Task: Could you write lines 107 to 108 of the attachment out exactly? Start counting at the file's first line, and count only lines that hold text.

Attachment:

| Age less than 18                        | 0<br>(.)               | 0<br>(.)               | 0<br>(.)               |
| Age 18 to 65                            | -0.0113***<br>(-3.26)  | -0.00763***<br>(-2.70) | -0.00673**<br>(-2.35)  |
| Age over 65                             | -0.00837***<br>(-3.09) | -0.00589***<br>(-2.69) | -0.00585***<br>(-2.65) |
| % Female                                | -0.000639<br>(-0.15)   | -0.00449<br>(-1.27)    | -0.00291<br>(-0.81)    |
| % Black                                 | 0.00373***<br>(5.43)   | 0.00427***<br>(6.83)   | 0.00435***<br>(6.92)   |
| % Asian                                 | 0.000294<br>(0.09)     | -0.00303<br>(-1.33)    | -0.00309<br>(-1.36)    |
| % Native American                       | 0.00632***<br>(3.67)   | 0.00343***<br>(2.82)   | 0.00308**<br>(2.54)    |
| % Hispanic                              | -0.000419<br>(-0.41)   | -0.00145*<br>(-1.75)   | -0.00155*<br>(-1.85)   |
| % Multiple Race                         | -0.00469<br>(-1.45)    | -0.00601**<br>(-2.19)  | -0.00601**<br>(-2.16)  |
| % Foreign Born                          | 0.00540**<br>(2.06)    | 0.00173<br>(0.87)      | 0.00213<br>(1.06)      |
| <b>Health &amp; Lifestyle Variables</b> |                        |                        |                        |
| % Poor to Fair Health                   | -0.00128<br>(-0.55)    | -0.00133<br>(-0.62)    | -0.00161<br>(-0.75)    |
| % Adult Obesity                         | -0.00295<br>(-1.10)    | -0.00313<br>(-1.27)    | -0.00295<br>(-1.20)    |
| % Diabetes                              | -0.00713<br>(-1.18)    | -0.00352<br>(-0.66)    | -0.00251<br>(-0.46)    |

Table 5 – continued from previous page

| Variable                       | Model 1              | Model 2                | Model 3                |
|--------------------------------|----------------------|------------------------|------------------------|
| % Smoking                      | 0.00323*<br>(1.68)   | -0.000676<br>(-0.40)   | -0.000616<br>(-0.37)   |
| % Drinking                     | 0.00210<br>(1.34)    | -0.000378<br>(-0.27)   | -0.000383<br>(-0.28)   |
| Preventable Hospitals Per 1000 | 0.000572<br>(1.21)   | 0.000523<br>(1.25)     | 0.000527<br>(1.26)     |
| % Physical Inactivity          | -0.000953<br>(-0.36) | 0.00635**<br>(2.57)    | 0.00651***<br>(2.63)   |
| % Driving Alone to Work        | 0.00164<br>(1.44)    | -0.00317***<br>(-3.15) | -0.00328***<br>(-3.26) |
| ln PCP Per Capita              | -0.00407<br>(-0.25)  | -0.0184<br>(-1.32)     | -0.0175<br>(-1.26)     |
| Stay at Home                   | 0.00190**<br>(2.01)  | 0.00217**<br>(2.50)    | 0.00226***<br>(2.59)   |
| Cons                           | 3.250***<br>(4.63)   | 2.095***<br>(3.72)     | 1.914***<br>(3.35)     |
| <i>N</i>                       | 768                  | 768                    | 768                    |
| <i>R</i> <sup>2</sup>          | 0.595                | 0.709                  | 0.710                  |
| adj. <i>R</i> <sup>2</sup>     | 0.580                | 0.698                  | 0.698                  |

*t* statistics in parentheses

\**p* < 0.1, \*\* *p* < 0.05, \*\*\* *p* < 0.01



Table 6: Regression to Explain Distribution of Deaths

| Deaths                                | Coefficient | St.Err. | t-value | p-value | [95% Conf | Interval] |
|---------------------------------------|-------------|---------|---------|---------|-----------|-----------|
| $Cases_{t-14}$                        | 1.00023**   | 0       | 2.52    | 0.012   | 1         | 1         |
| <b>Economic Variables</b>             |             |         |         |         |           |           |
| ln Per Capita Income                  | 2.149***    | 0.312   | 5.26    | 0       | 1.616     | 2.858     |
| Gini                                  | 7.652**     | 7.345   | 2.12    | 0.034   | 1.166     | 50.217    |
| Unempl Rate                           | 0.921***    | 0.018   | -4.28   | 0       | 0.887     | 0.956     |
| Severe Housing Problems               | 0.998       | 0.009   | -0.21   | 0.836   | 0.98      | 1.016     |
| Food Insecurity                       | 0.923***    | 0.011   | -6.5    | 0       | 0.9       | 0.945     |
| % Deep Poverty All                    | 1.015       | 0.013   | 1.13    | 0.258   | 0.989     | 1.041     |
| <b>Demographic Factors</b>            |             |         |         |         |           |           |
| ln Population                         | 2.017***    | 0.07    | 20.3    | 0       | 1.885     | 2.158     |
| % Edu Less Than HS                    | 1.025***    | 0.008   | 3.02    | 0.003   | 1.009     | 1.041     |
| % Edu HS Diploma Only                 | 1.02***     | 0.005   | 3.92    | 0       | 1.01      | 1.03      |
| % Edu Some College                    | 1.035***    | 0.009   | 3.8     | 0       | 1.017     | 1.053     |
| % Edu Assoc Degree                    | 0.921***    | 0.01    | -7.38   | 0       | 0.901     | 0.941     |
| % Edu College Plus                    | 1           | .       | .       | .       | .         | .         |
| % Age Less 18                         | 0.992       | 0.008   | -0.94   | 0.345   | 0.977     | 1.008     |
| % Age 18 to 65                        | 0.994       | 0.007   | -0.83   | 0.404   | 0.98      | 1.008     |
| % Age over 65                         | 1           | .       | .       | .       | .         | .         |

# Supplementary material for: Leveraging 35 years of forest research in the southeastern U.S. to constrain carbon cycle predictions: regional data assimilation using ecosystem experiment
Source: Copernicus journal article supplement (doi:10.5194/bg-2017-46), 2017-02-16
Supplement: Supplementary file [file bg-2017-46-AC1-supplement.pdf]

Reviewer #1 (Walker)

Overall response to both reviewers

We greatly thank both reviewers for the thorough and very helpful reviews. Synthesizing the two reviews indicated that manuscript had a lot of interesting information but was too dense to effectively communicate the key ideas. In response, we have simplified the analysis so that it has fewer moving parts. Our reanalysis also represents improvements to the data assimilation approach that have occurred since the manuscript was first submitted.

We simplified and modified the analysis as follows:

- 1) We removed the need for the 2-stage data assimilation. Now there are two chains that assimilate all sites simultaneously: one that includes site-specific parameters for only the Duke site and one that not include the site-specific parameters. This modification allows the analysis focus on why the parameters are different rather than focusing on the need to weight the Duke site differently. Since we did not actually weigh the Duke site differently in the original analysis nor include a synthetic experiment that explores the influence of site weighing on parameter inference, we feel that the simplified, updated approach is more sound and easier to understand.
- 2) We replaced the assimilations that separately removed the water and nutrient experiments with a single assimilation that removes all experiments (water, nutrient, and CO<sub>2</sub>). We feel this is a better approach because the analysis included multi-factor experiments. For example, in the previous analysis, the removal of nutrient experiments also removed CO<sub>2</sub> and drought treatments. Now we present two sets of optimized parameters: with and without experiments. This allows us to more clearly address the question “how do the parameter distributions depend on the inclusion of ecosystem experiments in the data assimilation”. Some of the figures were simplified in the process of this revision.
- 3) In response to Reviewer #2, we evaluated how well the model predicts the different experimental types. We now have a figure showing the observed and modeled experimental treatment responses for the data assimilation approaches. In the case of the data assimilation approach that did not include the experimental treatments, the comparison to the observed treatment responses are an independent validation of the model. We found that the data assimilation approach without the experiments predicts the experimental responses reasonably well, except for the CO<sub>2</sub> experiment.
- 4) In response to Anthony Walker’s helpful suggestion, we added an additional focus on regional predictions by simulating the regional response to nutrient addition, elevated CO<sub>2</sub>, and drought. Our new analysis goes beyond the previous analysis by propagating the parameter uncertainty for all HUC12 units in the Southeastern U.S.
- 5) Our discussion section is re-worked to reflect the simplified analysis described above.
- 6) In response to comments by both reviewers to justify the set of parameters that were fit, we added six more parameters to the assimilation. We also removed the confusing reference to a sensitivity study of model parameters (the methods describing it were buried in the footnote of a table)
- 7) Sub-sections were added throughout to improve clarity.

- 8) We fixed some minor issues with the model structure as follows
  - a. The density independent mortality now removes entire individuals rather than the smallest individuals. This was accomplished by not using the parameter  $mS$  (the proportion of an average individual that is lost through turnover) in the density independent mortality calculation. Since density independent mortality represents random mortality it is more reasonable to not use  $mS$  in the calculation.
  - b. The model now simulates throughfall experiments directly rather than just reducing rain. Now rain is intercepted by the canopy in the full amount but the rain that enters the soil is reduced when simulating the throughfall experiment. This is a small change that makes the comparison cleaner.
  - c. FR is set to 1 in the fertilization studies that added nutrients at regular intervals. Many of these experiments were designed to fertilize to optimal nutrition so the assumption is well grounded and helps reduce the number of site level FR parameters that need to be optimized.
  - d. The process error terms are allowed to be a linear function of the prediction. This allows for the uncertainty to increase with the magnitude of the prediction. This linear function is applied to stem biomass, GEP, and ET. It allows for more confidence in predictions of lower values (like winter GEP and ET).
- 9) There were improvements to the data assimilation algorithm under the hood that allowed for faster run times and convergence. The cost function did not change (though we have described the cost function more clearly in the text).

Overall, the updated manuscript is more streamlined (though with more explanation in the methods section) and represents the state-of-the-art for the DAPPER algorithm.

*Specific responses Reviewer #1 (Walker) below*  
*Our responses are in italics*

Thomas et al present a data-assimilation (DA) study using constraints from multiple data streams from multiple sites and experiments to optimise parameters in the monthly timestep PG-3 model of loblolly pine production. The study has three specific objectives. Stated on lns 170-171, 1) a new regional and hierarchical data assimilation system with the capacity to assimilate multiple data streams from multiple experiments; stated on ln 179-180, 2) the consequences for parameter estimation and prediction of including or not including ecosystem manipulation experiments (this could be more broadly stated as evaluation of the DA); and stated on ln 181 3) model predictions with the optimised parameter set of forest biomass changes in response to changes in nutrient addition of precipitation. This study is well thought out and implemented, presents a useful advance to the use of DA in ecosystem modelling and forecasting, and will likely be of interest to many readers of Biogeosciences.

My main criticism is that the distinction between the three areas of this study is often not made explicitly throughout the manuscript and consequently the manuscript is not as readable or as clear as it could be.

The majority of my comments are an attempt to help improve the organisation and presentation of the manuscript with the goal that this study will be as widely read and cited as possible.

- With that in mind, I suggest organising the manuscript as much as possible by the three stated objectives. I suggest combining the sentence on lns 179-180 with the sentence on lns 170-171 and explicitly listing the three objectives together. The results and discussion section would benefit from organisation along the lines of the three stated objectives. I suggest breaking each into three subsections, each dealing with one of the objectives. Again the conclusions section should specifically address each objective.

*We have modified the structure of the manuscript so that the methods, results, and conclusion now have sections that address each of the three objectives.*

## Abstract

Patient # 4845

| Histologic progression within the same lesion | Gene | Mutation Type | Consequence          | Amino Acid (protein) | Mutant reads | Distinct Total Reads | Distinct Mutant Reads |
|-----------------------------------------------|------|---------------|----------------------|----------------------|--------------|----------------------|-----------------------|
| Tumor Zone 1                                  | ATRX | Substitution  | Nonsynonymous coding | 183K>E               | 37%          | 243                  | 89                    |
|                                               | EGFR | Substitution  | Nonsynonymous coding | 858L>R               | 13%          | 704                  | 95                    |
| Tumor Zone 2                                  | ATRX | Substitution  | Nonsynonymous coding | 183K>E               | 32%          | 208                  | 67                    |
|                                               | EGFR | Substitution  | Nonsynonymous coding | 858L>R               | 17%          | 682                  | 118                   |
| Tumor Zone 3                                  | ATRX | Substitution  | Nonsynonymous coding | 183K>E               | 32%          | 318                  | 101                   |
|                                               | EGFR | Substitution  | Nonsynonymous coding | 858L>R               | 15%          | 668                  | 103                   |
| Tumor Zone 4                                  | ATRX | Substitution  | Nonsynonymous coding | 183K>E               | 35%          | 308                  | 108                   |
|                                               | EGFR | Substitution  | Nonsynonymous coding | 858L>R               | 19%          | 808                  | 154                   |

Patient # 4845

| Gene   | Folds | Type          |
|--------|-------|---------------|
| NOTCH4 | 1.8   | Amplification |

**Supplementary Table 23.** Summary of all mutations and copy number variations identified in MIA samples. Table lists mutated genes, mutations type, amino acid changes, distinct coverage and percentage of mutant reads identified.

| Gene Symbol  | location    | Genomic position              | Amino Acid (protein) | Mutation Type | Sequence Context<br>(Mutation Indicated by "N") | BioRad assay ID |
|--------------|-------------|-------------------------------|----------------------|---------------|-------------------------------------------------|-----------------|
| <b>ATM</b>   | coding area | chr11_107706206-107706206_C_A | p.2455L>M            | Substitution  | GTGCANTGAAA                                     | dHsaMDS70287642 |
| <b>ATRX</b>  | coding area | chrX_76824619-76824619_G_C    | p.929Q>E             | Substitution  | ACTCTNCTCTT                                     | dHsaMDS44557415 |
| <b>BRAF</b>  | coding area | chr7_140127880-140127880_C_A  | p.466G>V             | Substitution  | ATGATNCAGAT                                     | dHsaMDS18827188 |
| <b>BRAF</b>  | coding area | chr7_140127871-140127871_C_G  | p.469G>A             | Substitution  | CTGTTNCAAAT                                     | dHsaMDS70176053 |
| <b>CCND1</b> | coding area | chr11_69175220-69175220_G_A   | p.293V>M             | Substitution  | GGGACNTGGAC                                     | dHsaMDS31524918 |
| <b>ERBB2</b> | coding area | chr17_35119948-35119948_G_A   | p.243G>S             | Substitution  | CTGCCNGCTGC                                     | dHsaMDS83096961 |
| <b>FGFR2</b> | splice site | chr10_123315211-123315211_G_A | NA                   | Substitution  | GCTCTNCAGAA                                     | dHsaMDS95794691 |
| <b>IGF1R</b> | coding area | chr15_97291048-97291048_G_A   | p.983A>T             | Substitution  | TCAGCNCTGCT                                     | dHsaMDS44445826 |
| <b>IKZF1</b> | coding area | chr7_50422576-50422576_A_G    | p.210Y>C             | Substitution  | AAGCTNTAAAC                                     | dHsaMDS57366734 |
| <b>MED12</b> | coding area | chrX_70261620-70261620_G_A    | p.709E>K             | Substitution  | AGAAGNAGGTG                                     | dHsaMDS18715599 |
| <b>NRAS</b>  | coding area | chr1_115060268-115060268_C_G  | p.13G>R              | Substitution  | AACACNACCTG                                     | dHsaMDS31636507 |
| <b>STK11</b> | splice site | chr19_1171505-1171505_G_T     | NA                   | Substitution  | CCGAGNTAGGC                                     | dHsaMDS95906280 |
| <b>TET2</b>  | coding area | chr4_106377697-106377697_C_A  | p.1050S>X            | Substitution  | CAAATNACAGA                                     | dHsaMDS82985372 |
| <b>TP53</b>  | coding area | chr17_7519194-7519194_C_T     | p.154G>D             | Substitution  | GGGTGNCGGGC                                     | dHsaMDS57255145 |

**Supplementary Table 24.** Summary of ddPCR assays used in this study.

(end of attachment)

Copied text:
| <b>IKZF1</b> | coding area | chr7_50422576-50422576_A_G    | p.210Y>C             | Substitution  | AAGCTNTAAAC                                     | dHsaMDS57366734 |
| <b>MED12</b> | coding area | chrX_70261620-70261620_G_A    | p.709E>K             | Substitution  | AGAAGNAGGTG                                     | dHsaMDS18715599 |